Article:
"After a while, we started hearing rifles and some shelling until around 5 p.m. In the morning, we started seeing soldiers. The next thing we saw was that they started destroying all the buildings with their weapons. They continued the destruction from Oborubeinghe quarters to the end of the town and back again. We all ran into the bush and we were peeping from there. Presently in Odi you can only pick the First Bank office and the Police Post. Even King Bolo, the King of Odi was shot in the leg simply because he protested against the destruction of the buildings.

"To be candid, if we are to estimate the destruction, it is more than five billion Naira, because you can't see any building again. The only buildings you can see at Odi are thatched buildings and mud houses. We were in the bush for three days. Mosquitoes and other insect beat us and we almost starved to death since there was no food.

"I eventually escaped from Odi together with some other people through the bush. Then we swam across the River Nun. We were two, we swam across to Sampou then from there, we escaped through another creek. We got to Gbarain, then to Okolobiri, then through bush path we came to Yenagoa. Even the dress I am wearing right now belongs to my younger brother.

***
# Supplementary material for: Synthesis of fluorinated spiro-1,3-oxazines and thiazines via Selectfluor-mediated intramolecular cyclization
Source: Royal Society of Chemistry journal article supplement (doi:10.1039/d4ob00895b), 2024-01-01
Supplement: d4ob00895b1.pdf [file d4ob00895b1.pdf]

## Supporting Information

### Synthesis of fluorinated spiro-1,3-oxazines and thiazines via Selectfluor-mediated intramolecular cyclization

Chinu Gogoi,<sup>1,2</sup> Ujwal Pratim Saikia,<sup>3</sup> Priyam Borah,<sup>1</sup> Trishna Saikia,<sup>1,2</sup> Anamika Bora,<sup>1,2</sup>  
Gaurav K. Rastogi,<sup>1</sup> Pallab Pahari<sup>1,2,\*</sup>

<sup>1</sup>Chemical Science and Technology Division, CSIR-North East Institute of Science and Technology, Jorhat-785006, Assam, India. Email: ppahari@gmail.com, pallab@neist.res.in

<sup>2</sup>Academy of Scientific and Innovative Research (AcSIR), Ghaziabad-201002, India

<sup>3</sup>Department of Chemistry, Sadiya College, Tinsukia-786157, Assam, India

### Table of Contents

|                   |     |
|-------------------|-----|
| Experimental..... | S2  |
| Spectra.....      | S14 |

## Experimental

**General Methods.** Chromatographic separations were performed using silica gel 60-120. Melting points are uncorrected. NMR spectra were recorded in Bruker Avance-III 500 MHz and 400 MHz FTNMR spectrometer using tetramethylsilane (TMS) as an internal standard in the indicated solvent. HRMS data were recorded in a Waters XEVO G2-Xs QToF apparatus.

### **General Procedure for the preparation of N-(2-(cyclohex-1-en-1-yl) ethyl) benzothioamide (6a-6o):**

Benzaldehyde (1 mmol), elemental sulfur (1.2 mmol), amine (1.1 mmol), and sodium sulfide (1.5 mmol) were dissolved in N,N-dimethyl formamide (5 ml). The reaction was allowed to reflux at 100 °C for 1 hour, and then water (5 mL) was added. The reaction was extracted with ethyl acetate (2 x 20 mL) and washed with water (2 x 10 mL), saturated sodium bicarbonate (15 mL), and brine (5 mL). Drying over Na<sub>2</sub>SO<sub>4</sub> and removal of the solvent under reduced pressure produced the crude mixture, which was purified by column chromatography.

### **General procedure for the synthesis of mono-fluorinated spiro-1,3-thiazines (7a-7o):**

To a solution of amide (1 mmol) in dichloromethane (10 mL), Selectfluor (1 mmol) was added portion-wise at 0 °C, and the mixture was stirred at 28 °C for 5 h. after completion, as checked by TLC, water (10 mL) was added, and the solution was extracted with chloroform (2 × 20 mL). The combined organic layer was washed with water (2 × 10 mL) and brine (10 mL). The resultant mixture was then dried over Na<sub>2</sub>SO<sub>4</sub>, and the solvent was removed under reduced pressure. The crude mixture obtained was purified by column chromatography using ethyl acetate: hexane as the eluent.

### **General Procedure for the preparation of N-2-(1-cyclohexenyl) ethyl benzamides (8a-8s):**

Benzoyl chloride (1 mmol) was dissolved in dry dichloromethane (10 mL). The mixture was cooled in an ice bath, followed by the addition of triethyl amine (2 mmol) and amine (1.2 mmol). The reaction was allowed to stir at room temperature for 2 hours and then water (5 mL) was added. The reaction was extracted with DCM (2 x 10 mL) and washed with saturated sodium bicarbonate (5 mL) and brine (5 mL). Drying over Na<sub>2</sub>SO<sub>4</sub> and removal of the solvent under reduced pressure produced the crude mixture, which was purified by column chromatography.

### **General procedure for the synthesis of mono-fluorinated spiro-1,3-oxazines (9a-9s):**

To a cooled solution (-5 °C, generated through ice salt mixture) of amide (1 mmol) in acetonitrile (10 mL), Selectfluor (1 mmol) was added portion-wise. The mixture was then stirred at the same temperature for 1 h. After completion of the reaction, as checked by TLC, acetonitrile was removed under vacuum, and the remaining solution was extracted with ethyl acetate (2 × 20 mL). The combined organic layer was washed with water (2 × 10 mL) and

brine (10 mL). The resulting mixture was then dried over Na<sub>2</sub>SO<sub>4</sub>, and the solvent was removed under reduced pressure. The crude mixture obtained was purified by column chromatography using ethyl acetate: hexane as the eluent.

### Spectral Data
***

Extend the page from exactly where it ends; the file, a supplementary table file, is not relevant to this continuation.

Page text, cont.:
"To add more to my problem, I am a victim of the fight between the OPC and Ijaw people in Lagos. During the incident, our family head was attacked and his hand was cut off while a relative was attacked with acid. I lost all my property as a result of the incident. I returned home from Lagos hoping that when I come home I will have rest of mind.

"But I never had rest. My three-bed room flat at Odi is destroyed. In fact, I don't know where to lay my head. In fact, I am confused."

  1. Write to the Nigerian Federal Government to protest the massacre at Odi
  2. For Nigerians: Send copies of your letter to your legislators, and lawmakers from your constituency requesting them to raise issues of environmental concern as a critical part of their mandate and obligation to the people
  3. Send copies of your letters to local newspapers